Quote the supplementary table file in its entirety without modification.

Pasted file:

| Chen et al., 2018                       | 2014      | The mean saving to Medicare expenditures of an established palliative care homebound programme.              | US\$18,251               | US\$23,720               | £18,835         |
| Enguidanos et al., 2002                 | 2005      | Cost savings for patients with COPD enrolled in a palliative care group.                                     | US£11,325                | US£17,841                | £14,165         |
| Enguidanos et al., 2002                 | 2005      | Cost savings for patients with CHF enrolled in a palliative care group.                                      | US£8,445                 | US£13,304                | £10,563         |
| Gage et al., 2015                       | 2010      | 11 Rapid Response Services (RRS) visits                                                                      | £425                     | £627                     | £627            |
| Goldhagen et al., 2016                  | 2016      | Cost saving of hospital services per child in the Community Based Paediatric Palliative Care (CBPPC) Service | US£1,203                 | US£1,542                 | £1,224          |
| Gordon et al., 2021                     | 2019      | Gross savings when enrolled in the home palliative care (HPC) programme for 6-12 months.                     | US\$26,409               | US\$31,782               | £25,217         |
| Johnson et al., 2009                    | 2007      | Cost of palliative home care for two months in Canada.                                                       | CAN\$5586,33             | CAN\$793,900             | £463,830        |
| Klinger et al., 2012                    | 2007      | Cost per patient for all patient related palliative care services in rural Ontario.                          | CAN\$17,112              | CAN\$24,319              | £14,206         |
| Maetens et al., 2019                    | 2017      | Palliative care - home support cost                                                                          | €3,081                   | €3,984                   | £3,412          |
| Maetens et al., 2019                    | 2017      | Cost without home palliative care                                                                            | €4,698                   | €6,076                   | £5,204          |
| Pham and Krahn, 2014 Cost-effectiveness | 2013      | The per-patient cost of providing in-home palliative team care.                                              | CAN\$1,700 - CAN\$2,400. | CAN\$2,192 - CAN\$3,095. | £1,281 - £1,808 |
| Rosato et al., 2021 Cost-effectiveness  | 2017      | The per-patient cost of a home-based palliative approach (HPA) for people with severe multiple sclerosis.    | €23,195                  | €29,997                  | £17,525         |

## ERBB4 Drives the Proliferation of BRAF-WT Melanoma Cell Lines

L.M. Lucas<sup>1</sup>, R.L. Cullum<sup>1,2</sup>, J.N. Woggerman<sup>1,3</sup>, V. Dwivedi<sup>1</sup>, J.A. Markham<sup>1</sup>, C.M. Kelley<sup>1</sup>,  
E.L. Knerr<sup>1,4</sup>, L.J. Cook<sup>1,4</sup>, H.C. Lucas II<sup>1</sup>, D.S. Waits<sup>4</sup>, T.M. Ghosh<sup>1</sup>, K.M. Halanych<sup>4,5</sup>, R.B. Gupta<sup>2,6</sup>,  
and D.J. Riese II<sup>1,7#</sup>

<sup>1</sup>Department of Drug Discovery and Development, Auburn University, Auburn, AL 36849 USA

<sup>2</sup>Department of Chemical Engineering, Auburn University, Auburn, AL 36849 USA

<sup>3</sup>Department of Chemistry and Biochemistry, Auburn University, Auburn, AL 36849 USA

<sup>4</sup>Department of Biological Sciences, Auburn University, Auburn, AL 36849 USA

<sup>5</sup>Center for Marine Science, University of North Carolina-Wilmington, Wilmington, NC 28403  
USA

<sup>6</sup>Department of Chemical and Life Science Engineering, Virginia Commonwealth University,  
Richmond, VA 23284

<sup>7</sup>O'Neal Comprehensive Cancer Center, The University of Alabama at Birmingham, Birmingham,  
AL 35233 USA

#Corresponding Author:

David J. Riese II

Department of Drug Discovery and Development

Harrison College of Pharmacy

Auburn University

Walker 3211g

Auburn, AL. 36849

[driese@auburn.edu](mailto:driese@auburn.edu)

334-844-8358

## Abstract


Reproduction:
| Chen et al., 2018                       | 2014      | The mean saving to Medicare expenditures of an established palliative care homebound programme.              | US\$18,251               | US\$23,720               | £18,835         |
| Enguidanos et al., 2002                 | 2005      | Cost savings for patients with COPD enrolled in a palliative care group.                                     | US£11,325                | US£17,841                | £14,165         |
| Enguidanos et al., 2002                 | 2005      | Cost savings for patients with CHF enrolled in a palliative care group.                                      | US£8,445                 | US£13,304                | £10,563         |
| Gage et al., 2015                       | 2010      | 11 Rapid Response Services (RRS) visits                                                                      | £425                     | £627                     | £627            |
| Goldhagen et al., 2016                  | 2016      | Cost saving of hospital services per child in the Community Based Paediatric Palliative Care (CBPPC) Service | US£1,203                 | US£1,542                 | £1,224          |
| Gordon et al., 2021                     | 2019      | Gross savings when enrolled in the home palliative care (HPC) programme for 6-12 months.                     | US\$26,409               | US\$31,782               | £25,217         |
| Johnson et al., 2009                    | 2007      | Cost of palliative home care for two months in Canada.                                                       | CAN\$5586,33             | CAN\$793,900             | £463,830        |
| Klinger et al., 2012                    | 2007      | Cost per patient for all patient related palliative care services in rural Ontario.                          | CAN\$17,112              | CAN\$24,319              | £14,206         |
| Maetens et al., 2019                    | 2017      | Palliative care - home support cost                                                                          | €3,081                   | €3,984                   | £3,412          |
| Maetens et al., 2019                    | 2017      | Cost without home palliative care                                                                            | €4,698                   | €6,076                   | £5,204          |
| Pham and Krahn, 2014 Cost-effectiveness | 2013      | The per-patient cost of providing in-home palliative team care.                                              | CAN\$1,700 - CAN\$2,400. | CAN\$2,192 - CAN\$3,095. | £1,281 - £1,808 |
| Rosato et al., 2021 Cost-effectiveness  | 2017      | The per-patient cost of a home-based palliative approach (HPA) for people with severe multiple sclerosis.    | €23,195                  | €29,997                  | £17,525         |

## ERBB4 Drives the Proliferation of BRAF-WT Melanoma Cell Lines

L.M. Lucas<sup>1</sup>, R.L. Cullum<sup>1,2</sup>, J.N. Woggerman<sup>1,3</sup>, V. Dwivedi<sup>1</sup>, J.A. Markham<sup>1</sup>, C.M. Kelley<sup>1</sup>,  
E.L. Knerr<sup>1,4</sup>, L.J. Cook<sup>1,4</sup>, H.C. Lucas II<sup>1</sup>, D.S. Waits<sup>4</sup>, T.M. Ghosh<sup>1</sup>, K.M. Halanych<sup>4,5</sup>, R.B. Gupta<sup>2,6</sup>,  
and D.J. Riese II<sup>1,7#</sup>

<sup>1</sup>Department of Drug Discovery and Development, Auburn University, Auburn, AL 36849 USA

<sup>2</sup>Department of Chemical Engineering, Auburn University, Auburn, AL 36849 USA

<sup>3</sup>Department of Chemistry and Biochemistry, Auburn University, Auburn, AL 36849 USA

<sup>4</sup>Department of Biological Sciences, Auburn University, Auburn, AL 36849 USA

<sup>5</sup>Center for Marine Science, University of North Carolina-Wilmington, Wilmington, NC 28403  
USA

<sup>6</sup>Department of Chemical and Life Science Engineering, Virginia Commonwealth University,  
Richmond, VA 23284

<sup>7</sup>O'Neal Comprehensive Cancer Center, The University of Alabama at Birmingham, Birmingham,  
AL 35233 USA

#Corresponding Author:

David J. Riese II

Department of Drug Discovery and Development

Harrison College of Pharmacy

Auburn University

Walker 3211g

Auburn, AL. 36849

[driese@auburn.edu](mailto:driese@auburn.edu)

334-844-8358

## Abstract